I am aware of Colin McNaughton and Colin and Jaqui Hawkins as well as the comics many of us in the audience had known as children: Jackie (the immortal article ‘ How to Knit your own Pyjamas’ passed me by thank heavens), Bunty, The Eagle, Beano and Dandy. (My parents bought me ‘Look and Learn‘!) She stressed the point that modern graphic novels were available for all ages, interests and abilities and were to be viewed positively as serious sources of study. Comics are a ‘medium not a genre’.

I am a big fan of anything by Raymond Briggs and Mel offered fascinating insights into ‘The Snowman’, ‘When the Wind Blows’ and ‘Ethel and Earnest’. She not only illustrated the sheer breadth of subject matter and age range but also dissected their sophisticated and specific ‘grammar’. I had never noticed, for example, the variation in size of ‘panels’ which indicate the differences between the small events of individual lives and those on the world stage, such as the detonation of the nuclear bomb in ‘When the Wind Blows’. windThis is ‘campaigning’ and challenging literature at its very best and worthy of close attention. Other examples of political commentary are works by Joe Sacco,- his ‘Palestine’ is essential reading, as is’Maus’. One I did not know also comments powerfully on universal concerns: ’In the Shadow of the (Twin) Towers’

Mel forcefully illustrated the power of graphic novels as tools for serious study again and again; suggesting for example, that students compare and contrast the 3 graphic versions of ‘Macbeth’. After all, while the story remains the same interpretations differ – as they do on stage.

Many of these books not not just make the full text accessible they make it relevant. Mel quoted some youngsters who on discovering the ‘Rime of the Ancient Mariner’ rimewho wondered what the author ‘was on’ (laudanum/opium, dear). This work illustrates that these books can also be multi-layered :someone ’sits on a stone’ and, lo, there is Mick Jagger. Maybe the youngsters don’t get it but their parents will (or perhaps thier grandparents)! It is such ‘manic, powerful, active’ work that appeals to the emotions and often replicates the style of the computer games many young people play thus engaging them instantly. Examples are: ‘GON’, COWA’, ‘Skim’ and ‘Alice in Sunderland’.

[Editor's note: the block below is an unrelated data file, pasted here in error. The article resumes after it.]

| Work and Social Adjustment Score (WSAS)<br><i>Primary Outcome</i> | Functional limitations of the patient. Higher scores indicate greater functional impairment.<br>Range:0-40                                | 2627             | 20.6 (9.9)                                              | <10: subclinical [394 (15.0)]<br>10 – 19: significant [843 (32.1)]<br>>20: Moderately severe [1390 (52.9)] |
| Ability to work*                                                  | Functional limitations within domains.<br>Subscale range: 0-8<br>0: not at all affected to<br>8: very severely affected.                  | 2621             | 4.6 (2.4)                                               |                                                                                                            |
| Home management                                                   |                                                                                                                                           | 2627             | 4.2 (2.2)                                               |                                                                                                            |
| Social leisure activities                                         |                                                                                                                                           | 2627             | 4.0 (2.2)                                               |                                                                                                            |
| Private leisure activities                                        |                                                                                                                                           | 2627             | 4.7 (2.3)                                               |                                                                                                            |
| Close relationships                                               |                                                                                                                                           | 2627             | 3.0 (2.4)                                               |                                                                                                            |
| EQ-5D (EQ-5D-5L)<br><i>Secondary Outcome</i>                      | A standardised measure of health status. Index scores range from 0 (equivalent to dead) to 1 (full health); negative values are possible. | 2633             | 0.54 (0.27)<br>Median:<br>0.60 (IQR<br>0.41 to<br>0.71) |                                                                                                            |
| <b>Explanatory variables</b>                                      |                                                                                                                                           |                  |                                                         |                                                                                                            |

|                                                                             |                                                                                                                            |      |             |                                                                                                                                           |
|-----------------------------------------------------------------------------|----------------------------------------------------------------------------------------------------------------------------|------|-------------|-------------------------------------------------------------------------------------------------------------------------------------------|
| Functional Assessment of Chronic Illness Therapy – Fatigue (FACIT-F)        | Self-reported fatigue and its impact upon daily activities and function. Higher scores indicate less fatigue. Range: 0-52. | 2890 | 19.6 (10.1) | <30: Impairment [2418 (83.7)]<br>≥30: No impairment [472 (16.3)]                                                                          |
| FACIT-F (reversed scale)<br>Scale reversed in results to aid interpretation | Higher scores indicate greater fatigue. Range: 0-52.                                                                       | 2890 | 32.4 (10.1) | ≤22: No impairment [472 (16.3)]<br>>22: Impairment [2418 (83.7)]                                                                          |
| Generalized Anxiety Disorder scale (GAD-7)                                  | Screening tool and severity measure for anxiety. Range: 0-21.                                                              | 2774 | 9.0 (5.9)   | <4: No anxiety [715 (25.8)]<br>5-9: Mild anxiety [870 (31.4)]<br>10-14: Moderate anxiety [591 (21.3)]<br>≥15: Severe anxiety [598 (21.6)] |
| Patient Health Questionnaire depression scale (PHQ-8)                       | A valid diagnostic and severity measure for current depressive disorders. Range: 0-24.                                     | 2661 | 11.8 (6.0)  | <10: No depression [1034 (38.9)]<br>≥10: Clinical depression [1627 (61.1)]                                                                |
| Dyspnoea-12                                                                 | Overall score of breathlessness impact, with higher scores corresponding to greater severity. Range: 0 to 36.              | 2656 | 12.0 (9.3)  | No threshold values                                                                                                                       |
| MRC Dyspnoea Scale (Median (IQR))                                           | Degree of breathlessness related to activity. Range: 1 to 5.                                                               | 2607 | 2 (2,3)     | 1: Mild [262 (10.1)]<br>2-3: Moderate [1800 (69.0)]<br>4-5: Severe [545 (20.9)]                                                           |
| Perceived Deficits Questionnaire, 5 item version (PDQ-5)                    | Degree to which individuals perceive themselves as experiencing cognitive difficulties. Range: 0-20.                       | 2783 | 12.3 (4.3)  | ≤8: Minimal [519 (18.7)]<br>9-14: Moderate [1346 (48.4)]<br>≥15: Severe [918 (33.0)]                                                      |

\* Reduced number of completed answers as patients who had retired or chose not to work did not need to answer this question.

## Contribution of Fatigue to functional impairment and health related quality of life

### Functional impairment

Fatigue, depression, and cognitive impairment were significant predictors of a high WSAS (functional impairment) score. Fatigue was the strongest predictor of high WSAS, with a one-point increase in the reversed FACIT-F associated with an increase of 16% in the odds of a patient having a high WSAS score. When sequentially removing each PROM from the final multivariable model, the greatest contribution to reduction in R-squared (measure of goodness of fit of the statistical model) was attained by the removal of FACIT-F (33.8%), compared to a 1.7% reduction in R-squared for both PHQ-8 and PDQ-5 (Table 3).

Mel focused, on the whole, on those books that touch on major themes and complex narratives but she also referred to books that are just fun and so likely to engage even the most reluctant reader. She did make the point that at present there are few works for primary children and that those with text do not make concessions to less experienced older readers. However, publishers are ever more aware of the gap in the market and are beginning to produce books in lower case and with a more straightforward structure that doesn’t ‘play with the grammar of the page’ so much.

Mel ended her talk lauding the role of the school librarian and giving brief suggestions for teaching. These are being consolidated on her own website and she has also made substantial contributions to LTS. Check it out.

Finally, it was great to hear Bill Boyd’s question about differences between Scottish and English curricula – (she tried to be tactful but made it clear that she felt the curriculum south of the border was restrictive) asked virtually through Glow!